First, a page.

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Human Life, Action And Ethics: Essays By G. E. M. Anscombe
edited by Mary Geach & Luke Gormally
Imprint Academic, 2005
(298 pages, $69.90, hardcover)
reviewed by Stewart Goetz
Elizabeth Anscombe (1919–2001) was a first-rate philosopher, who for sixteen years held the chair of philosophy at Cambridge University earlier occupied by her teacher Ludwig Wittgenstein, and, a surprise in the world of academic philosophy, a devout Roman Catholic. Many readers of Touchstone will recognize her name because of her famous critique (delivered at the Socratic Club in Oxford University in 1948) of C. S. Lewis’s argument against naturalism in his book Miracles.
Anscombe’s many academic accomplishments include her translation of Wittgenstein’s Philosophical Investigations and her monograph Intention, which the well-known American philosopher Donald Davidson regarded as the best work on practical reasoning since Aristotle, which is high praise indeed.
As competent as anyone in making the careful philosophical distinctions, Anscombe was equally adept at making fine-grained distinctions in her private life. On one occasion, she pledged to God that she would give up cigarettes, if her son (she and her husband, the philosopher Peter Geach, had seven children) were to recover from a serious illness. After her son got well, and missing the pleasure of tobacco, she concluded that her oath to give up smoking had not included cigars, and so she took up cigar smoking.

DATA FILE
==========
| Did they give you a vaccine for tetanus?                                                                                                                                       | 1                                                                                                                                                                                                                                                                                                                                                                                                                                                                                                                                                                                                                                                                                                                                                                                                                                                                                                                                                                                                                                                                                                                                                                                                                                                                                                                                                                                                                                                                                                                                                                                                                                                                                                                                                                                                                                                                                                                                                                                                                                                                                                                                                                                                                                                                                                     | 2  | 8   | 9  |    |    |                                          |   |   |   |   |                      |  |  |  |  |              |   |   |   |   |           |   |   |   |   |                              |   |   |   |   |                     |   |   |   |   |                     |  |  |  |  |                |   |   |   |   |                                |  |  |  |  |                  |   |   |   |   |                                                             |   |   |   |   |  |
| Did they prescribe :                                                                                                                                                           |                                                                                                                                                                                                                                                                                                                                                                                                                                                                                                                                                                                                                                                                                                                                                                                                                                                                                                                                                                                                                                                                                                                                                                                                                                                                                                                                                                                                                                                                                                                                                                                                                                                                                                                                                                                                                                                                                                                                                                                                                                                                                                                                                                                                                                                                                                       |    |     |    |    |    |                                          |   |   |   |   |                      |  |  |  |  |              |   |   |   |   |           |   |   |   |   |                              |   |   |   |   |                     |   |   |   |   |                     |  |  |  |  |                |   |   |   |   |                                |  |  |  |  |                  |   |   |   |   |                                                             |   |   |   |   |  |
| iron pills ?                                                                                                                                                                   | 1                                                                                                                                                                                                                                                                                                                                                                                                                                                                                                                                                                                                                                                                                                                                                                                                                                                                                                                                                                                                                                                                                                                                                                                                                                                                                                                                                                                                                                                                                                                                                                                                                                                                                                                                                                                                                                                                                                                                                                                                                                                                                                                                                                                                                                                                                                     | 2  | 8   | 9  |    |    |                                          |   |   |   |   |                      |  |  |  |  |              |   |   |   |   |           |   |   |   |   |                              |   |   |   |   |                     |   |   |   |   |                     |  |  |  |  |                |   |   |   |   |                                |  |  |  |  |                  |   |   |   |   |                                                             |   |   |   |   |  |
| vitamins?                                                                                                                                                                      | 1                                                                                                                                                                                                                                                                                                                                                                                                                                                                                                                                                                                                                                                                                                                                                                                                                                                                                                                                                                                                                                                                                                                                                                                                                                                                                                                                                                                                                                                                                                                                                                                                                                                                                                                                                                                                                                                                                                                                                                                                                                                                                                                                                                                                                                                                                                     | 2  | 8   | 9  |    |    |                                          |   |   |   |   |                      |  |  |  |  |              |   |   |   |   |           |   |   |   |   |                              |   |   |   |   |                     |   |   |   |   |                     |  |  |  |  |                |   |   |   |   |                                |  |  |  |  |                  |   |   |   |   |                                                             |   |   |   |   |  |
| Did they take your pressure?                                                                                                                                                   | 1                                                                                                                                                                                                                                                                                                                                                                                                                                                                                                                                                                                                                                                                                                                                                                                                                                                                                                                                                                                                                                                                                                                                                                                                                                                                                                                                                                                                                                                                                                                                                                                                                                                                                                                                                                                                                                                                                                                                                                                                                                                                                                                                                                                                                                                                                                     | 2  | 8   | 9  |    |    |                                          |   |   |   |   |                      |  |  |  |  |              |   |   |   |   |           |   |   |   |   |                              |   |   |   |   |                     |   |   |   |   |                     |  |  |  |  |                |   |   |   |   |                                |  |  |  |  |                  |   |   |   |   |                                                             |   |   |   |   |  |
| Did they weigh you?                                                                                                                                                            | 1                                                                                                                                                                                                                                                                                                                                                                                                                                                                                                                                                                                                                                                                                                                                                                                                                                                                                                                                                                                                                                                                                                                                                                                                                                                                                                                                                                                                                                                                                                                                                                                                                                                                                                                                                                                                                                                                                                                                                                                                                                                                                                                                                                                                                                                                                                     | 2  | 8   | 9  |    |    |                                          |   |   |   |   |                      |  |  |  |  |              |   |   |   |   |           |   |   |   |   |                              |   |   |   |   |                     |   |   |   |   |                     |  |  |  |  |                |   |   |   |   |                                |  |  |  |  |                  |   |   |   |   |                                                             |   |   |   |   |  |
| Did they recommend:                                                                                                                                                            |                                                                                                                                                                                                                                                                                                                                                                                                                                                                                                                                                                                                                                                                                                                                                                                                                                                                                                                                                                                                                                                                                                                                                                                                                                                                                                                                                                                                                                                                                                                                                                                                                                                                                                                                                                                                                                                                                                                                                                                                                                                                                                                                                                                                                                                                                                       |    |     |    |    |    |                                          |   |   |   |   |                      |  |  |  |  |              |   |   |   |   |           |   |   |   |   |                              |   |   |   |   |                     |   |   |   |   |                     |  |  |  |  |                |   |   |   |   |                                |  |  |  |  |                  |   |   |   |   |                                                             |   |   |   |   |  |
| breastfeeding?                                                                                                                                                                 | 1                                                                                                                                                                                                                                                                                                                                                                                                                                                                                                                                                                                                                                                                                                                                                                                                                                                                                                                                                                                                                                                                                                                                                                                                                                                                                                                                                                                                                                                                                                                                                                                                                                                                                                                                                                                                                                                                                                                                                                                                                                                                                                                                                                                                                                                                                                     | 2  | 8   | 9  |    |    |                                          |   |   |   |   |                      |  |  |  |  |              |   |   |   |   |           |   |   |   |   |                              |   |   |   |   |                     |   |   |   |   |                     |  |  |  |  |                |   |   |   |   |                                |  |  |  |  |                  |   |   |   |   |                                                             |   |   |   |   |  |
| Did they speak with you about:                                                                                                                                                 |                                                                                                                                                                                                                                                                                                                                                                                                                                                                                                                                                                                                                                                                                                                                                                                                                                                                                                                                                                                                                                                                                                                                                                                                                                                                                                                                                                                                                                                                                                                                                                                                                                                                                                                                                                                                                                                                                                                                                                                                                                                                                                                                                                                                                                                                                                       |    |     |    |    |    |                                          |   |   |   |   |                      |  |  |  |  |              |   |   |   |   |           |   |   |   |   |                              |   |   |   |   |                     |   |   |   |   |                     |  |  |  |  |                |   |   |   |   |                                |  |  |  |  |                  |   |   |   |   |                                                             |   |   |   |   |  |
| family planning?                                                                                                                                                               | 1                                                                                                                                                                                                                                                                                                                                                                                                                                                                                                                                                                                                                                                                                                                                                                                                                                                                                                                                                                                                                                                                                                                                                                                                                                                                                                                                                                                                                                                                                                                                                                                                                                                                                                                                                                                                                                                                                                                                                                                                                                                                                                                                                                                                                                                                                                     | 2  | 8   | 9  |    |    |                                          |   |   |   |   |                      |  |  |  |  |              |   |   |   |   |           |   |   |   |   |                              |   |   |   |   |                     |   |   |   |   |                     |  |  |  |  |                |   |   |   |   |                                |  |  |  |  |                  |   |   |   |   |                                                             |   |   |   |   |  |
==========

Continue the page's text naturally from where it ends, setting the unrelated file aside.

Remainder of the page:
Anscombe’s storied private life was complemented by significant social activism. As a young woman she was outspoken in protesting the conferment of an honorary degree on Harry Truman because he had committed murder with the killing of innocents in the bombings of Hiroshima and Nagasaki, and in her later years she was arrested for her pro-life activity.
A collection of twenty-three essays largely devoted to moral philosophy, Human Life, Action and Ethics begins with a section about the question of what it is to be human, followed by sections on action and practical reason and on ethics.
The first seven chapters concern the question of what it is to be human and deal with topics such as the existence and nature of the soul and human dignity. In two essays in particular, Anscombe illustrates the importance of the soul and human dignity for practical life by discussing their relevance to the issue of abortion.
She defends the Aristotelian/Thomistic view favored by Catholics that a human being is a living organism in virtue of having a principle of life or soul. Because human beings are capable of reasoning, the human soul is a rational soul. She maintains that a human being has dignity because of his nature as an organism with a rational soul, and this dignity makes the choice to take the life of one who is innocent unjust.